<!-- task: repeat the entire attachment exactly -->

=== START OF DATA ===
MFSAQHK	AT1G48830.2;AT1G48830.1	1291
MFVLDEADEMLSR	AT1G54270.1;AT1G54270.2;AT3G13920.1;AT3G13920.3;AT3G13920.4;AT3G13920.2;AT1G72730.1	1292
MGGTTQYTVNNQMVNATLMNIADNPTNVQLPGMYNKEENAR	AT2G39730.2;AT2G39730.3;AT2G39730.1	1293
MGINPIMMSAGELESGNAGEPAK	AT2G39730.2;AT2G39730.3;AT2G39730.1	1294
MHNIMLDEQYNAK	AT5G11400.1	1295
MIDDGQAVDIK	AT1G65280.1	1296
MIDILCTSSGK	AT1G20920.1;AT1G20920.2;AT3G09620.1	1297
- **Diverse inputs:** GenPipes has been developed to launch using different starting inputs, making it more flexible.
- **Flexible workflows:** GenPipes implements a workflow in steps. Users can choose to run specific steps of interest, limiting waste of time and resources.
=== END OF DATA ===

MFSAQHK	AT1G48830.2;AT1G48830.1	1291
MFVLDEADEMLSR	AT1G54270.1;AT1G54270.2;AT3G13920.1;AT3G13920.3;AT3G13920.4;AT3G13920.2;AT1G72730.1	1292
MGGTTQYTVNNQMVNATLMNIADNPTNVQLPGMYNKEENAR	AT2G39730.2;AT2G39730.3;AT2G39730.1	1293
MGINPIMMSAGELESGNAGEPAK	AT2G39730.2;AT2G39730.3;AT2G39730.1	1294
MHNIMLDEQYNAK	AT5G11400.1	1295
MIDDGQAVDIK	AT1G65280.1	1296
MIDILCTSSGK	AT1G20920.1;AT1G20920.2;AT3G09620.1	1297
- **Diverse inputs:** GenPipes has been developed to launch using different starting inputs, making it more flexible.
- **Flexible workflows:** GenPipes implements a workflow in steps. Users can choose to run specific steps of interest, limiting waste of time and resources.